However, whether readers of this column prayed or danced into the dawn of New Year 2015, my unauthorised and unsolicited advice is to pay keen attention to the advisories from national, regional and international health authorities to be on guard against Ebola the killer disease that surfaced in and wreaked havoc among several West African countries.
Amid mounting deaths, including those of doctors and nurses who were mobilised or volunteered to help combat this killer disease, the Caribbean’s public and private health sectors have been alerted to be vigilant and pay heed to advisories from the World Health Organisation and the Pan American Health Organisation.
And tourism-based economies such as Barbados, Jamaica, The Bahamas and St Lucia have already come to appreciate their added responsibilities in dealing with visitors without causing panic.
As if having to devote more time and resources to be ready for the ChikV and Ebola viruses is not enough, a number of Caricom states are currently being compelled to devote considerable financial, technical and human resources to combat gun-related murders and robberies.
Trinidad and Tobago, Guyana and Jamaica are among the most seriously affected despite the missionary zeal of their respective ministers of national security. Also quite distressing in 2014 were the seemingly endless reports of rape, many of these degrading acts involving children.
Battling serious crime has proven to be increasingly costly for too many Caricom economies, with Trinidad and Tobago—directly—and others—indirectly—having to grapple with the additional problem of declining revenue from falling oil prices.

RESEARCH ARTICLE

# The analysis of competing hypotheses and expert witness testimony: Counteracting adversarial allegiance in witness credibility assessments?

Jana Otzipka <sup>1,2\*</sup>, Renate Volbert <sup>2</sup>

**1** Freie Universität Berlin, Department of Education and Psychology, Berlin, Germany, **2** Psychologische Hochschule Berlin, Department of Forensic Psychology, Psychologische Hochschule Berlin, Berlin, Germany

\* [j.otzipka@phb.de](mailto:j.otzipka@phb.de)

This development is a new challenge for both Trinidad and Tobago—Caricom’s sole primary energy-based economy—as well as all of the community’s member states that are beneficiaries of Venezuela’s subsidised Petrocaribe project, an inheritance from the late president Hugo Chavez.
Trinidad and Tobago’s Prime Minister, Kamla Persad-Bissessar, gave firm assurances in her Christmas Day message against any cuts in public sector wages or decline in subsidies for essential social services. But, not surprisingly, her traditional political opponents have been more focused in criticising portraits of the country’s first woman Prime Minister on highway billboards charmingly wishing everyone “Merry Christmas”.
If non-citizens of this Caricom state are inclined to wonder about the fuss, they should reflect on the fact that next year will bring—most likely within the second quarter of 2015—general elections.
Incidentally, Trinidad and Tobago’s elections will be one of possibly five general elections expected before Christmas 2015—the others being those for Guyana, Jamaica, St Vincent and the Grenadines and St Kitts-Nevis.
While with democratically conducted elections it’s often not easy to predict outcomes, I will take the risk to forecast victories for the five incumbent parties.
In contrast to the coming national elections, Barbados seems set to have a much overdue cabinet reshuffle, moreso against the backdrop of recurring publicly stated differences with Prime Minister Freundel Stuart as articulated by his controversial agriculture minister Dr David Estwick, a former minister of economic affairs.
• Rickey Singh is a noted Barbados-based Caribbean journalist